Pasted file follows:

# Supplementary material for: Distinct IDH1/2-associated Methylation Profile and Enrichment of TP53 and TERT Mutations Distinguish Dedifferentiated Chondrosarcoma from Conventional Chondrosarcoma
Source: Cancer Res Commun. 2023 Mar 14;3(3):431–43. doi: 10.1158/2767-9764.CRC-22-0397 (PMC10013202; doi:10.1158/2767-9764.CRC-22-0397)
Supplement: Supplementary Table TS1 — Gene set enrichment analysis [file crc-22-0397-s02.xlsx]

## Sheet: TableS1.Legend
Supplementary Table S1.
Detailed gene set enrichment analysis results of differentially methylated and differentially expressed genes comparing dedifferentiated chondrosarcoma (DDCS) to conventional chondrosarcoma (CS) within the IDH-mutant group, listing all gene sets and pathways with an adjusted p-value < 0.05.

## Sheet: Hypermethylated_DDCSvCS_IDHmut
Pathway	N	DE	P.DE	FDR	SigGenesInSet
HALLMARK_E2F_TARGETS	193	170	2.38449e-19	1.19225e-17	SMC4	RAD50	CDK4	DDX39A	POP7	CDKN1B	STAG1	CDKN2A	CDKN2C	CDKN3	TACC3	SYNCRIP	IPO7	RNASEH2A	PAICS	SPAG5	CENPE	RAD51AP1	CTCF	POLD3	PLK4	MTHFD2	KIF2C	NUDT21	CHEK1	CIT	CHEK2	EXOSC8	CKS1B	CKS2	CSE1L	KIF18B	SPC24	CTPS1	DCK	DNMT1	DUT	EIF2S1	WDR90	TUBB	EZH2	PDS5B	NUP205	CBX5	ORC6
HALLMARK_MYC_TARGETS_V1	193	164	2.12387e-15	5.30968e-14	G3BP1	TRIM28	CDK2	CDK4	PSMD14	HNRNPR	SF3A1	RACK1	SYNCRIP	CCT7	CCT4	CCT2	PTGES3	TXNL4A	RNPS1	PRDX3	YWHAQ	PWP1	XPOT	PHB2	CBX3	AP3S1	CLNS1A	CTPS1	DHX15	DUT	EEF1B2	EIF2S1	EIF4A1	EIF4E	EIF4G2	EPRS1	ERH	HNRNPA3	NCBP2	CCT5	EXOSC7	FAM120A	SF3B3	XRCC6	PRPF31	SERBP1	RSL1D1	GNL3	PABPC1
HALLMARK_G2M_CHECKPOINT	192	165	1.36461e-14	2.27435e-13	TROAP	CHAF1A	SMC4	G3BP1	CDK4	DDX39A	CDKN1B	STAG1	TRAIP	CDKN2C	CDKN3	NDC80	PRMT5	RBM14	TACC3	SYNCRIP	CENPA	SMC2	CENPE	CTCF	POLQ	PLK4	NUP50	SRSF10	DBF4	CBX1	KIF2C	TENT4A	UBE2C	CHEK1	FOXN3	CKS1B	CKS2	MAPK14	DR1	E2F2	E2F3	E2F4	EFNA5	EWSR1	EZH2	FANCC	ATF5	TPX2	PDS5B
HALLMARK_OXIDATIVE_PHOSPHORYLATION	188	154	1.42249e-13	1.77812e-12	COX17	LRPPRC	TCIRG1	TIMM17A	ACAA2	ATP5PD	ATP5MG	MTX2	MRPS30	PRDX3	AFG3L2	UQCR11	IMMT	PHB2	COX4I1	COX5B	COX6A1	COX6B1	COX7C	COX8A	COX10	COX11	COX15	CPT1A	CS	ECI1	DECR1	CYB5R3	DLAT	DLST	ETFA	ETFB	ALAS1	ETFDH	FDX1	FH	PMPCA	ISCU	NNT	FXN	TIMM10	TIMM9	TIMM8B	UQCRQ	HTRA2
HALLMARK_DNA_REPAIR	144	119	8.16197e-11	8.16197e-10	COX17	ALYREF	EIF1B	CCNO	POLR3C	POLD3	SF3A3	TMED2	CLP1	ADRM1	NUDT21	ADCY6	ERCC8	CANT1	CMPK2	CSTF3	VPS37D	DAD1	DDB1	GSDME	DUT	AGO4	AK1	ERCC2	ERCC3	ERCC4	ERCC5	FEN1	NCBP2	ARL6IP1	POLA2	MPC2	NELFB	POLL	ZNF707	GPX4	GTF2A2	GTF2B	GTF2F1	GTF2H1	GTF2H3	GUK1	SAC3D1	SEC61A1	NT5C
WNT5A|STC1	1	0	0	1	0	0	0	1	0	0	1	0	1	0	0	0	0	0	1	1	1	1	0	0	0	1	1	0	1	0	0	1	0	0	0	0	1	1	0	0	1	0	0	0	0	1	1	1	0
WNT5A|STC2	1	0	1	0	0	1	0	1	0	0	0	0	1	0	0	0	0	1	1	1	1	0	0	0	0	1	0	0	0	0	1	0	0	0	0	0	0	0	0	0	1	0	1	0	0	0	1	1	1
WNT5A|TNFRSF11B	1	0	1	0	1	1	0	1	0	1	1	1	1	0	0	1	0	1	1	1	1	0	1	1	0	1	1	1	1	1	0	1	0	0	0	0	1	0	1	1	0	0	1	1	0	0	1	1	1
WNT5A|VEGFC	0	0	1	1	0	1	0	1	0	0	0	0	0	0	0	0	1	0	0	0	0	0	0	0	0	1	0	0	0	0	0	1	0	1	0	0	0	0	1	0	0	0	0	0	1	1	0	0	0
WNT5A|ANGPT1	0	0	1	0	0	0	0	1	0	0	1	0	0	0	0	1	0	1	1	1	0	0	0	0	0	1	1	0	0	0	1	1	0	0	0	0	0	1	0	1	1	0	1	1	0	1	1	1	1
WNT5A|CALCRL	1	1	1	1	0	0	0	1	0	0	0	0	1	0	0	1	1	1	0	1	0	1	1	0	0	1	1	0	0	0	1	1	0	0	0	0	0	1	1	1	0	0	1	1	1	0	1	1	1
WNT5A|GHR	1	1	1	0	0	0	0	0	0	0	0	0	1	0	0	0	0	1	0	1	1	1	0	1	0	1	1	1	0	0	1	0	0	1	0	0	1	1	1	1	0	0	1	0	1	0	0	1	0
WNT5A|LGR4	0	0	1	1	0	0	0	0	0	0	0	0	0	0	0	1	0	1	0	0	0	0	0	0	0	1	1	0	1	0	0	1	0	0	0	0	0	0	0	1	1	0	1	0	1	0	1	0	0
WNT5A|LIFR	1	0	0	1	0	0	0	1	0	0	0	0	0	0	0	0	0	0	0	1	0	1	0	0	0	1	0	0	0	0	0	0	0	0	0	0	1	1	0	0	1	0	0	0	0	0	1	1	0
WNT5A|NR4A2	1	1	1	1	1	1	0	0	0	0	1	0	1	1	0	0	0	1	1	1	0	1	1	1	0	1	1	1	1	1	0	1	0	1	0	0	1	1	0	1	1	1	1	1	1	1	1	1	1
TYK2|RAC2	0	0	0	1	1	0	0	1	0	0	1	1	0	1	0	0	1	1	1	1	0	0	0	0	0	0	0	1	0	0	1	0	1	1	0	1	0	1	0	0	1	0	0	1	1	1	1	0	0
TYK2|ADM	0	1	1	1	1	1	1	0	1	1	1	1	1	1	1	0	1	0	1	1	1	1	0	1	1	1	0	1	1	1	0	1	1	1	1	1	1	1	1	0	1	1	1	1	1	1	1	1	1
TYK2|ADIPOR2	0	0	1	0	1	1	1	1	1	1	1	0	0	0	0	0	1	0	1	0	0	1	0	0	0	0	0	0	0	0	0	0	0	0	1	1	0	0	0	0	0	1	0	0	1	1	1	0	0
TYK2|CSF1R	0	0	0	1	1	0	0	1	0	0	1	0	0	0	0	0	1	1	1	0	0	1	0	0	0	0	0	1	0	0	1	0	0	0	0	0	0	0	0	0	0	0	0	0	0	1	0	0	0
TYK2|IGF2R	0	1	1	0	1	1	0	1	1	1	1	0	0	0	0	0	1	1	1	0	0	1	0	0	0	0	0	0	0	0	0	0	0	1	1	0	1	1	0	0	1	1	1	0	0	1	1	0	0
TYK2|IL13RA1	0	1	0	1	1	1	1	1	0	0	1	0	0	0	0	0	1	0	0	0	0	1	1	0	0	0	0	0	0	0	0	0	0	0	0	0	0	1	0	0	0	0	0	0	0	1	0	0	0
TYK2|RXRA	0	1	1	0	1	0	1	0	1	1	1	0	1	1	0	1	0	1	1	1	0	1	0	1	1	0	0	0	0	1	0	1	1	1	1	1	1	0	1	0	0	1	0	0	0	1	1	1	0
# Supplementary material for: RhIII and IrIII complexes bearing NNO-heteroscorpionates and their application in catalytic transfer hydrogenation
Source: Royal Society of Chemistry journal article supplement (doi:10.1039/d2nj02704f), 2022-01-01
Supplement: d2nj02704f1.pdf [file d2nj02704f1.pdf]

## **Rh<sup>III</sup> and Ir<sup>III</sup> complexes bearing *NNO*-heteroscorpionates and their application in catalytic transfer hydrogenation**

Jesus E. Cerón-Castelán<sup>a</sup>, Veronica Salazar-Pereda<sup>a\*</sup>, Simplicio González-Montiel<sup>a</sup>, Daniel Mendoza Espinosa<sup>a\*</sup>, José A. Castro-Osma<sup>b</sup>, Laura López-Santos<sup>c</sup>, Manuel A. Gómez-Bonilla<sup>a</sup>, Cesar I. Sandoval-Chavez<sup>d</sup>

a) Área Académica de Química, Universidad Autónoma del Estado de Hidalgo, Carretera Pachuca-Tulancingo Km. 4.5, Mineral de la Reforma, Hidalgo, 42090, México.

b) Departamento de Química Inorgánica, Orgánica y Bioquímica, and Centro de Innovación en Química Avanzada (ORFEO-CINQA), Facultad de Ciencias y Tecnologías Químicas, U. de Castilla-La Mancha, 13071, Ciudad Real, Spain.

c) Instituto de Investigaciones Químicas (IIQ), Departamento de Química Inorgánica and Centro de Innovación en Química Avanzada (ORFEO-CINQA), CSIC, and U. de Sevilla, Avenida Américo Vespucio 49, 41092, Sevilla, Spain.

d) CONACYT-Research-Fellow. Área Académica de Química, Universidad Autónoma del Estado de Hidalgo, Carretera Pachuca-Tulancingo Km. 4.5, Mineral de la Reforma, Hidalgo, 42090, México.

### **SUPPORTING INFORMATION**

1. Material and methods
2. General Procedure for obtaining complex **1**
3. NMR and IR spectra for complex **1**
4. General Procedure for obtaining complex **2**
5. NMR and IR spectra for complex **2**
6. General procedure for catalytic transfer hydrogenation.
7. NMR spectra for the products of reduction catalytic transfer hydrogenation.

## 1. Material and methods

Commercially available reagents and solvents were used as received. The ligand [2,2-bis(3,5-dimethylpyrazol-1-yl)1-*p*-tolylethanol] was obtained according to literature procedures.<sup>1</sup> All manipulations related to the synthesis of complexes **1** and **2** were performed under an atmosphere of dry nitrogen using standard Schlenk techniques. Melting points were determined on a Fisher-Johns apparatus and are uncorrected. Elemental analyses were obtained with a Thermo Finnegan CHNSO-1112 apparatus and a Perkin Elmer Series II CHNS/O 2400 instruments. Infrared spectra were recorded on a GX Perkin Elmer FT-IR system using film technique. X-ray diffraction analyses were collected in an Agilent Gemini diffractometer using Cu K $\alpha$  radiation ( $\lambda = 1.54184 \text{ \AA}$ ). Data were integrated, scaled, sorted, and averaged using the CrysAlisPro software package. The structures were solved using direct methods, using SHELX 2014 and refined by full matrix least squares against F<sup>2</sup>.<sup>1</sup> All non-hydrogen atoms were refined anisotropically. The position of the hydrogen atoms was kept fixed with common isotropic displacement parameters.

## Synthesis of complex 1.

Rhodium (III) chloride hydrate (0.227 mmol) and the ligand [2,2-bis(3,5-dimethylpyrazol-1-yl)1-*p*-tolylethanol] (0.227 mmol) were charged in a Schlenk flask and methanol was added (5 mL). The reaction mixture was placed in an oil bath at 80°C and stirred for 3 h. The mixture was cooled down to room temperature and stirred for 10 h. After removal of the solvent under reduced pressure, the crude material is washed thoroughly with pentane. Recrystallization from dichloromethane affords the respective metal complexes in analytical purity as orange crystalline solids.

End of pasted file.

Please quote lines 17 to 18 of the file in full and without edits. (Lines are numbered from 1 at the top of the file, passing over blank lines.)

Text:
WNT5A|VEGFC	0	0	1	1	0	1	0	1	0	0	0	0	0	0	0	0	1	0	0	0	0	0	0	0	0	1	0	0	0	0	0	1	0	1	0	0	0	0	1	0	0	0	0	0	1	1	0	0	0
WNT5A|ANGPT1	0	0	1	0	0	0	0	1	0	0	1	0	0	0	0	1	0	1	1	1	0	0	0	0	0	1	1	0	0	0	1	1	0	0	0	0	0	1	0	1	1	0	1	1	0	1	1	1	1